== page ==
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Discussion in 'Bad Dog Cafe' started by chiefline, Feb 18, 2017.
Order two ..pass one around and hoard the other, and don't bother with those others passed to you.
Going out to dinner with friends does nor imply/require sharing your plate unless, perhaps, you are out for Chinese which is typically eaten "family style". If I go out with friends, and get a prime rib, I'm not going to cut my prime rib up in little squares and pass it around. If I get a half rack of ribs (6), they are MY ribs. I'm not trading half my Chicken Cacciatori for a portion of someones Spagetti Alfredo. To each his own...literally.
Do you like pie?
Your guests feel special.
Your server feels special.
You get the pleasure of being a thoughtful, generous host.
Yeah, covered by "cuisine appropriate...". Unless you're doing tapas or other shared plates, no one is expecting to share mains. Appetisers get shared between couples pretty often though, no matter where you're eating.
Nope, I'm with you 100%. The only person I'll share with is my wife, and that took a while.
Bring the squid. In its original form.
Restaurants provide you with two forks for a reason: One's for eating, one's for stabbing the hands that reach for your food.
Let me guess, you're not a swinger.
Maybe you mean, gastronomical?
Thanksgiving at your house must be a real hoot...
Yes, you're kinda wrong...kinda. An appetizer isn't supposed to be the meal. And manners - at least the manners I remember - means that at a table things like appetizers are shared. It's kind of a social norm thing. The entree, unless things are being served family style, is individual. And if you don't like the other appetizers, you don't need to eat them. Just politely say no. I do.
But if it bugs you so much, order the appetizer you like as your entree. Problem solved.
Or. order extra calamari so that you have extra to consume.
Sounds like sharing appetizers is the rule rather than the exception in North America. Here in Europe, I'd say it is the other way round. Most places I go to you choose an individual starter for yourself, although they often do sharing platters for everyone to dig into.
So for me the rule is if it comes on a small plate and served to me personally, I'm not sharing it with anyone, but if there's a big platter in the middle of the table, get stuck in everyone.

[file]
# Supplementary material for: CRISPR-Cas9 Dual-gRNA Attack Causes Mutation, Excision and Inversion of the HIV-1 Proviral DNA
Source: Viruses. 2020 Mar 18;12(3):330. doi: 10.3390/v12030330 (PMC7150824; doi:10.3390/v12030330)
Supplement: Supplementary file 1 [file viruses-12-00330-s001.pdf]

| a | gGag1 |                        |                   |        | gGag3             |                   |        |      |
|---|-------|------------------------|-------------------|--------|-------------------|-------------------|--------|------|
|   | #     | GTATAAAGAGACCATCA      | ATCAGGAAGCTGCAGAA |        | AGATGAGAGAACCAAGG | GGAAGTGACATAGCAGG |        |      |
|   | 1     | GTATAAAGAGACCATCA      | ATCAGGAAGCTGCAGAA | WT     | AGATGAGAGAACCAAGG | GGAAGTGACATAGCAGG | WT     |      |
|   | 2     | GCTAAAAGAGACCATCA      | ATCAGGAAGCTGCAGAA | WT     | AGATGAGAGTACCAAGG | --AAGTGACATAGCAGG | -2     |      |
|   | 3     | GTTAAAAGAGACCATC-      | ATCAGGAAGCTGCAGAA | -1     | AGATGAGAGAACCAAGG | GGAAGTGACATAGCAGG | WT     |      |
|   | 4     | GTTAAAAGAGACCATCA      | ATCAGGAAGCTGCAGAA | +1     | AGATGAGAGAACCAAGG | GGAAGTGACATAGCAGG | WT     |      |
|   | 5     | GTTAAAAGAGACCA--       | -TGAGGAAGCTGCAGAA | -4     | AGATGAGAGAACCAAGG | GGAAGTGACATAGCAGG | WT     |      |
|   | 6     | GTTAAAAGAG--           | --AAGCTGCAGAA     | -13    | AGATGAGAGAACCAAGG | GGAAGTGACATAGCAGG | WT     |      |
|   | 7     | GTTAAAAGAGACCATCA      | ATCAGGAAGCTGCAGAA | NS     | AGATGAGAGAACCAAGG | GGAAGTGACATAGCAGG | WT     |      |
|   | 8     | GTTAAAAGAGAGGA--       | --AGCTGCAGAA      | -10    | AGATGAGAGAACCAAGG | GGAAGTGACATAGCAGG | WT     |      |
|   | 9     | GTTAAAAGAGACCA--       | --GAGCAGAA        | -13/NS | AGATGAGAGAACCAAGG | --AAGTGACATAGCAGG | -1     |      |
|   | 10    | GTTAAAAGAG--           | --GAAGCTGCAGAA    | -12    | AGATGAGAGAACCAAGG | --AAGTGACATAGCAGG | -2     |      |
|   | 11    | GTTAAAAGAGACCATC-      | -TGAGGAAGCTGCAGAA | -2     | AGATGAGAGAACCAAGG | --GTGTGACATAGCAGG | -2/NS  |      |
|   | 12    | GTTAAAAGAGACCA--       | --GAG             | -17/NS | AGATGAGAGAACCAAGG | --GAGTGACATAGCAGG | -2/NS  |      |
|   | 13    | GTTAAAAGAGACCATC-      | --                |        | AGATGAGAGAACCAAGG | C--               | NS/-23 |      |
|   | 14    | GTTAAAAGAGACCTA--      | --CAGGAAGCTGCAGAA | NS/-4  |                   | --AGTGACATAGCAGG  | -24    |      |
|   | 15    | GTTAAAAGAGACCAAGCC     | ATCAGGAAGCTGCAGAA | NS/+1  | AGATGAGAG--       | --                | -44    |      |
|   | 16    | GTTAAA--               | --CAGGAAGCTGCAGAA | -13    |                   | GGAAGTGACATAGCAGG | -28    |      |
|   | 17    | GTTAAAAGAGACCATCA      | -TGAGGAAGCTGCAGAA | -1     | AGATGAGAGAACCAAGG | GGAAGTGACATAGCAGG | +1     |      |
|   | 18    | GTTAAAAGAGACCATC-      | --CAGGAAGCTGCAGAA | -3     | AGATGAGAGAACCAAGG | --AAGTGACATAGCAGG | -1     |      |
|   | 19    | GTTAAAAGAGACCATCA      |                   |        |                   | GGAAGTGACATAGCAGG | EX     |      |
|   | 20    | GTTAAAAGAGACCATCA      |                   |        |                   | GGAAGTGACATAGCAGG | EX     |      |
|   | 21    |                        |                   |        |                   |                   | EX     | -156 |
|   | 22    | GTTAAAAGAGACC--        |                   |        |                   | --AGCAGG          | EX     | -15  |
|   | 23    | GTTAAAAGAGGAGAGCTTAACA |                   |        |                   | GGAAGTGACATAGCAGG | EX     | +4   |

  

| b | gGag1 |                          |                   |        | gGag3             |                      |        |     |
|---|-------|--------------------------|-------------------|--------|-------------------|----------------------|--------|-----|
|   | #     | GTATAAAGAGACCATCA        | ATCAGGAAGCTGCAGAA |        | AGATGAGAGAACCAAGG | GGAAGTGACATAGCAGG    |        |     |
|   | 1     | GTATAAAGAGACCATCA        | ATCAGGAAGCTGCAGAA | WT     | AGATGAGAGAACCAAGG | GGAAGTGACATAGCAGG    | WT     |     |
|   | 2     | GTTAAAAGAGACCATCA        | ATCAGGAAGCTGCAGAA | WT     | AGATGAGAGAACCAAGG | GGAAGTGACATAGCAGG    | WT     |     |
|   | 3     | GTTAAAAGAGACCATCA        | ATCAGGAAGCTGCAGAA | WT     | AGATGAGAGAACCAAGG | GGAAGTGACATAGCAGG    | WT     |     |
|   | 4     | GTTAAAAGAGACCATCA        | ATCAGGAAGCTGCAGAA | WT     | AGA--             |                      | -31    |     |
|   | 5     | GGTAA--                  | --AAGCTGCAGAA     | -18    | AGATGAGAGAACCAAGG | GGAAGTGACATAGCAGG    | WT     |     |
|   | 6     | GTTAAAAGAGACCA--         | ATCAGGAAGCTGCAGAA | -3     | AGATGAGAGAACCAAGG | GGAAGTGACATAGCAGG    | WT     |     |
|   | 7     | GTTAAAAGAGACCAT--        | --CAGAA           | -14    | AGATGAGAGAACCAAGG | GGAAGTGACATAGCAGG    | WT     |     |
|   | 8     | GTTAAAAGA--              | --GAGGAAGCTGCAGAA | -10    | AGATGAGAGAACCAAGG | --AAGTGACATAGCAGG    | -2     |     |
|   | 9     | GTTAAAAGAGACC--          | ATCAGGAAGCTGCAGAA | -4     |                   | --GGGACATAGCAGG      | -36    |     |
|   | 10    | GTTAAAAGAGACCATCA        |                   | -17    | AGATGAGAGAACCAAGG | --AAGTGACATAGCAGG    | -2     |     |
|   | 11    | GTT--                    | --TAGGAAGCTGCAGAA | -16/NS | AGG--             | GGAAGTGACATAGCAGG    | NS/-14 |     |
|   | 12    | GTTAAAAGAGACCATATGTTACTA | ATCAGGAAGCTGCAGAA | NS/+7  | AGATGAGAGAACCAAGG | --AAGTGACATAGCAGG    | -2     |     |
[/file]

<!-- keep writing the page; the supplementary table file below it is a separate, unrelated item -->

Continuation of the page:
Order two of the same appetizer.
One for you, one to pass around.
If they ask any questions, cover your plate and growl a lot.
Kind of, at traditional Chinese restaurants, they put the plates/trays in the middle and the different guests take from them.
But I would say in most cultures people do something like this when served at home with guests. There may be individual items some guests "order", but also items for everyone to take from plates in the middle.
I guess the difference is when you go to a restaurant and pay for your own food.
It's an easily solved problem, as a few others have already mentioned. Just be vocal about it, my wife does that all the time when we eat with a big group. She'll say something like, "my husband and I are going to share the <whatever> appetizer, do we want to get some appetizers to share around or does everyone want to get their own?" That way it's an agreed upon choice.
IMO, to the OP's point, it's NOT 100% expected that you pass around a plate of food that you ordered, it's up to you. Unless the group you're with does that all the time, then it's time to just go with the flow... who knows you might try something you love.
To someone else's point, it drives me crazy when someone says, "let's just split the check X ways", when I've ordered iced tea and just an appetizer because I wasn't hungry, and others have ordered a steak and wine/drinks. If you can't add, just ask and I'll tell you what you owe. But I'm not paying $40 for tea and wings!
I bring a couple pounds of giant shrimp, that way I know I will have something good to eat.
Pretty sure the OP and everyone else are old enough to know what they like. The odds of there being an appetizers that you never had before and are dying to try just a taste of in the level of restaurant that people go to for group dinners is nil.
I know I like crab cakes, I know I don't like stuffed mushrooms. I'll have the crab cakes, if you want to try the crab cakes, order your own.
The argument could be made that the people who want to try everyone else's stuff are the ones that need to grow up and learn to commit to trying a new appetizer if they fancy themselves so damn adventurous. Maybe they should have spent the last 30 years trying new things and learning what they like instead of doing it at an expensive dinner.
Have you ever noticed that the wait staff will place entrees right on the placemat of the person who ordered the entree but they place appetizers in the center of the table?
I wonder why they do that. They do observe thousands upon thousands of people dining together.
When you say appetizers I'm assuming there's dinner coming after. I think it's customary for those to be shared, but I'm with you, I hate that.
However, when someone expectantly says, "Mind if I have a taste of your (entree)?" they usually are already reaching for it, and I sweetly tell them that I will sink my fork in their hand if they do.
Better still, sneeze all over your own appetizer plate.